Kuist v. Curran

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[Civ. No. 19249. Second Dist., Div. One. Mar. 2, 1953.]

MARTHA KUIST, Appellant, v. MYRTLE SYLVIA CURRAN et al., Respondents.


Manasse & Crowley and Arthur J. Crowley for Appellant.

C. F. Jorz and John G. Zelezny for Respondents.


PATROSSO, J. pro tem.

In this action for personal injuries, plaintiff appeals from a judgment in favor of the defendants entered upon the verdict of the jury.

[1a, 2a] The accident in question occurred near the southeast corner of the intersection of Fletcher and Riverside Drives in the city of Los Angeles, at or about 4 o'clock in the afternoon. The former runs in a general northerly and southerly direction and the latter in a general easterly and westerly direction. Appellant is a newspaper vendor, and at about 4 o'clock on the day in question was standing in the middle of Fletcher Drive approximately 65 feet south of the southerly line of Riverside Drive. There is a gasoline station located on the southeast corner of the intersection with a driveway to Fletcher Drive approximately opposite from where the appellant was standing. The defendant Myrtle Curran (hereinafter referred to as the respondent) had driven into this service station for the purpose of inquiring the directions to the home of a friend whom she intended to visit. When leaving the service station, respondent stopped in the driveway to permit the passage of traffic on Fletcher Drive, and then proceeded into the street with the intention of making a left turn for the purpose of driving southerly on Fletcher At this point Fletcher Drive is a six-lane highway with a dividing line in the center. The respondent testified that while stopped in the driveway preparatory to entering Fletcher she observed the appellant standing facing south with her back to respondent in a position a foot or so east of the double white center line of Fletcher Respondent proceeded to leave the driveway at a speed of from 2 to 5 miles per hour, driving in the general direction of where appellant was standing Respondent testified that she intended to pass behind or to the north of appellant, and that when her car was in the immediate [116 Cal. App. 2d 406] vicinity of the appellant the latter took one step backward and turned to her right, moving a distance variously stated of from 18 to 20 inches and from 3 1/2 to 4 feet when the accident occurred. fn. 1 Respondent admits that she gave no warning of her approach by sounding her horn or otherwise, and the only inference to be drawn from her testimony is that appellant was at all times oblivious to the fact that respondent's car was approaching her and likewise that this fact was at all times apparent to the respondent.

Primarily, appellant complains of the action of the trial court in giving and refusing certain instructions.

Appellant requested and the court refused to give the following instruction: "You are instructed that the plaintiff and the defendant were both chargeable only with the exercise of ordinary care, but a greater amount of such care was required of the defendant at the time of the accident in question by reason of the fact that she was operating and driving an automobile, which is an instrument capable of inflicting serious and often fatal injuries upon others using the highway."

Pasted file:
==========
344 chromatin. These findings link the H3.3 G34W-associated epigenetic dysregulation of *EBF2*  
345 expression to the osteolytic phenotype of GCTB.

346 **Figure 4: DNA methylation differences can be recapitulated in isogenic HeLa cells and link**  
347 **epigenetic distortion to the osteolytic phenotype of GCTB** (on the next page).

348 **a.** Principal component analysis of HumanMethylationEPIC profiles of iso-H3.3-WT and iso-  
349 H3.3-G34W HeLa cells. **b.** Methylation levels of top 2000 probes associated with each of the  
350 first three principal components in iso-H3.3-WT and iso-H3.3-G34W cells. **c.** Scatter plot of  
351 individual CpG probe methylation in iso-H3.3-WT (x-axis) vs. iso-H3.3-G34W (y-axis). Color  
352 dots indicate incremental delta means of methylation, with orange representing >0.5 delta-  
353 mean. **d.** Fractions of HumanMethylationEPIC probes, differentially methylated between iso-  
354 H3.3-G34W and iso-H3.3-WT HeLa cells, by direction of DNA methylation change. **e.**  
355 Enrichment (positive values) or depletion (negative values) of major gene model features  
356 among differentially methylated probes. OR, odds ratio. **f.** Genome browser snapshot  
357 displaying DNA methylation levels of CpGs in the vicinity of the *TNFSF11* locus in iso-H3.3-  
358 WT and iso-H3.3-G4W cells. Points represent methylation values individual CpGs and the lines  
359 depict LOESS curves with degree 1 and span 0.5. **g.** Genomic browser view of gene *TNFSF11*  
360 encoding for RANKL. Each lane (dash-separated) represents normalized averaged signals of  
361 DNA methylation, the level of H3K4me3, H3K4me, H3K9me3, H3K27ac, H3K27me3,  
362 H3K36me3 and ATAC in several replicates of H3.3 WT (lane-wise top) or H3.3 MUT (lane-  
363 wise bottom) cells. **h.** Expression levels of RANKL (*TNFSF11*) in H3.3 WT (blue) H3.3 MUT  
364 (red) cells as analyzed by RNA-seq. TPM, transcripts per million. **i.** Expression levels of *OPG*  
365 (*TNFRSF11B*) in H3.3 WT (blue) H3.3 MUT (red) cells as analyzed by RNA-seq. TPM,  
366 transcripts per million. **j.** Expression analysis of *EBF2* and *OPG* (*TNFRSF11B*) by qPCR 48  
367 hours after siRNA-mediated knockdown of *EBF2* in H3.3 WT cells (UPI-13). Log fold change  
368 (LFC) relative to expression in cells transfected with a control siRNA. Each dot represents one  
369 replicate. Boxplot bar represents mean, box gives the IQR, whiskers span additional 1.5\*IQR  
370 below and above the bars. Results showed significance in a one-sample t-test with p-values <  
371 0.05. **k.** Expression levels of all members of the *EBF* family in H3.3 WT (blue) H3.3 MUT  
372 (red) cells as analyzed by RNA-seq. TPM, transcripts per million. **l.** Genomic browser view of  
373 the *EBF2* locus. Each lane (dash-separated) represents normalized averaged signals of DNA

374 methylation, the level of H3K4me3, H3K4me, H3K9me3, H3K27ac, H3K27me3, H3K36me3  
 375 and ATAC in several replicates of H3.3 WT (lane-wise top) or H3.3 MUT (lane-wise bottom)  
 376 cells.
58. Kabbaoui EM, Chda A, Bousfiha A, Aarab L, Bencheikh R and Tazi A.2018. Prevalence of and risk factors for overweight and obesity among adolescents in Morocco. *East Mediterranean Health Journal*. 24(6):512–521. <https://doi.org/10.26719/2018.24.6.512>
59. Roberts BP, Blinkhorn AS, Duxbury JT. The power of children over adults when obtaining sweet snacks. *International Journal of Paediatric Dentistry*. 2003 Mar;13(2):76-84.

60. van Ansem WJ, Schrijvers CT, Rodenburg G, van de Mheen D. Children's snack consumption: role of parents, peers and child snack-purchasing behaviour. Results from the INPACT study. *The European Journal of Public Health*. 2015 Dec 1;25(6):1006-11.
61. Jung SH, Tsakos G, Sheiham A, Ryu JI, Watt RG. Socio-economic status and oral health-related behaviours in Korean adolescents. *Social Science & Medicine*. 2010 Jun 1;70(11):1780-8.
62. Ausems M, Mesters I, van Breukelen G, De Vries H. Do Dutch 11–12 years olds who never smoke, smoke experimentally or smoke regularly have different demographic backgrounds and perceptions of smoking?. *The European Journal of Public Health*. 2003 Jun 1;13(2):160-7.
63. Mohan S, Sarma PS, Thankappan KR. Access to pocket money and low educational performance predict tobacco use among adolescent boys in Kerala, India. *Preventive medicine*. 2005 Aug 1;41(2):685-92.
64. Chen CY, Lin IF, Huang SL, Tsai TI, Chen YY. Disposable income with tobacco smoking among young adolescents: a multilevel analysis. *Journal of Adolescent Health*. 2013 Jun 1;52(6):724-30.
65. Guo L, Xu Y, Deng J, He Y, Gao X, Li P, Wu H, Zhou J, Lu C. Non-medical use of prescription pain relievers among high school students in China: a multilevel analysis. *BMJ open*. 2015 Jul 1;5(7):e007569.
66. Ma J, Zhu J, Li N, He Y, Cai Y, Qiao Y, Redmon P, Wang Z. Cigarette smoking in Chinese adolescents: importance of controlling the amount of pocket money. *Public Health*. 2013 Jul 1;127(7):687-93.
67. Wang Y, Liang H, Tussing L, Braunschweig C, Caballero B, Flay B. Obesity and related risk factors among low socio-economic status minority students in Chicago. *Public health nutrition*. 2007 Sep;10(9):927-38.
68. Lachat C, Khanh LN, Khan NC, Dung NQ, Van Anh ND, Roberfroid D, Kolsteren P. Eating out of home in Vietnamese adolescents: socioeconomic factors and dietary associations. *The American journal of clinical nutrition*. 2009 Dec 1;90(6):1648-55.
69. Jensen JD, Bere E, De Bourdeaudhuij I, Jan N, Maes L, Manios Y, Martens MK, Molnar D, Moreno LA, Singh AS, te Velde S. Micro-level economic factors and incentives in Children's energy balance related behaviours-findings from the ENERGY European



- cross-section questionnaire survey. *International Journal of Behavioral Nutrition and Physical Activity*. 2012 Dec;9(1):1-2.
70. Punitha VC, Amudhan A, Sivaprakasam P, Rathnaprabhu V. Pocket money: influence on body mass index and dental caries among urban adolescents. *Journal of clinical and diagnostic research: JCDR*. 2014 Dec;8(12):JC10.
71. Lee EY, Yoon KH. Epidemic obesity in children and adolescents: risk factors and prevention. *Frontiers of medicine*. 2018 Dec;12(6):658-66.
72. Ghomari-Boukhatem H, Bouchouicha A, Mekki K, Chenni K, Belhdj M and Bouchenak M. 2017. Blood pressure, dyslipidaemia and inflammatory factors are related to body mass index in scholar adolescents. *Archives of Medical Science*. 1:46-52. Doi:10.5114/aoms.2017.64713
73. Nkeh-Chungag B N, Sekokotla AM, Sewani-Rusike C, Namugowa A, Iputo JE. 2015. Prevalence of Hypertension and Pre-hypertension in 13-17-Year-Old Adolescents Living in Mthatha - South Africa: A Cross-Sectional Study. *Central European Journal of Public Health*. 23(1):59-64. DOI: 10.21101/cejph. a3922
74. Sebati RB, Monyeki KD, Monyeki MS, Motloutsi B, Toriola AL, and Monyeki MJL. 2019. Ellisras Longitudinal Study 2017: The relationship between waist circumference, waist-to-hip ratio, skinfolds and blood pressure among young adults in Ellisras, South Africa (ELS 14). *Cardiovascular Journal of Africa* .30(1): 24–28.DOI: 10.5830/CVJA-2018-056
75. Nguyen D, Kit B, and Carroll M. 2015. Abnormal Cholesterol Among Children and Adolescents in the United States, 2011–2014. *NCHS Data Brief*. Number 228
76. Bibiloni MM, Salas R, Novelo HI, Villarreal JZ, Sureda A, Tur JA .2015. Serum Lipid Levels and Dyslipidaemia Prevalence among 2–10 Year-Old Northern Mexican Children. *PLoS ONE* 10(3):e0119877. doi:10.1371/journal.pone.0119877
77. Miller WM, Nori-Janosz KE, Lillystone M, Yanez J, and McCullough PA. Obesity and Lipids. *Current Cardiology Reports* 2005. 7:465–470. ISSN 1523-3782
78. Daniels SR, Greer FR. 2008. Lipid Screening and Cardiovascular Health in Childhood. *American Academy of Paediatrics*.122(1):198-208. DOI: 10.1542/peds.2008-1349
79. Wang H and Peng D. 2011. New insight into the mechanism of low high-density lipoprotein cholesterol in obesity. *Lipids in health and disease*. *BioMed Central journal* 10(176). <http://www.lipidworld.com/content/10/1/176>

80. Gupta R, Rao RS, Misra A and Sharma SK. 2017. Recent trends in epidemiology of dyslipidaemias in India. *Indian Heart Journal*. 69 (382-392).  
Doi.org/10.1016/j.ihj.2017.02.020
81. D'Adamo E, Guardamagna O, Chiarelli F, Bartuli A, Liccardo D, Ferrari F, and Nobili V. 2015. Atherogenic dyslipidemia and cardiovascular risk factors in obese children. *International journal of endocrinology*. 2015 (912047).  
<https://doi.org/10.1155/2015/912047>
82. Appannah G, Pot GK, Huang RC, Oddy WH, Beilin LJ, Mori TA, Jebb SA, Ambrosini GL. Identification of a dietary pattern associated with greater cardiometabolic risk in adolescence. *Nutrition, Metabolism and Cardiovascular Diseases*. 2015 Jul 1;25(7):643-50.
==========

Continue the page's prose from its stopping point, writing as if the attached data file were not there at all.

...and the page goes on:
Instructions in substantially similar language have received judicial approval. (Weihe v. Rathejen Mercantile Co., 34 Cal. App. 302, 305 [167 P. 287], hearing by Supreme Court was denied; Vedder v. Bireley, 92 Cal. App. 52, 58 [267 P. 724]; Pinello v. Taylor, 128 Cal. App. 508, 514 [17 P.2d 1039], hearing by Supreme Court denied; Broun v. Blair, 26 Cal. App. 2d 613, 614 [80 P.2d 95]; Martin v. Vierra, 34 Cal. App. 2d 86, 93 [93 P.2d 261], hearing by Supreme Court denied; Geisler v. Rugh, 19 Cal. App. 2d 738, 742 [66 P.2d 671], hearing by Supreme Court denied; Dawson v. Lalanne, 22 Cal. App. 2d 314 [70 P.2d 1002].) In the last cited case it was [116 Cal. App. 2d 407] held that failure to give such an instruction alone constituted reversible error, while in Vedder v. Bireley, and Pinello v. Taylor, supra, it was held that the failure to give such an instruction coupled with other errors in the instructions required a reversal. However, in Warnke v. Griffith Co., 133 Cal. App. 481, 496 [24 P.2d 583] (hearing by Supreme Court denied) it was held that it was not error to refuse "a very long instruction" which contained language somewhat similar to that of the instruction requested and refused here. There, however, the instruction differed from that requested here in that it referred to a motor vehicle as "a dangerous instrumentality" and it may be noted also that the court seemingly approved as a correct statement of law the principle expressed in the requested instruction here, for at page 497 it is said: "(W)hile it is undoubtedly true that the amount of care required of the driver of the truck was greater than that required of appellant as set forth in the part of the instruction refused by the court, and while such instruction sets forth a correct principle of law, we are of the opinion that the charges given by the court are equally sound as principles of law."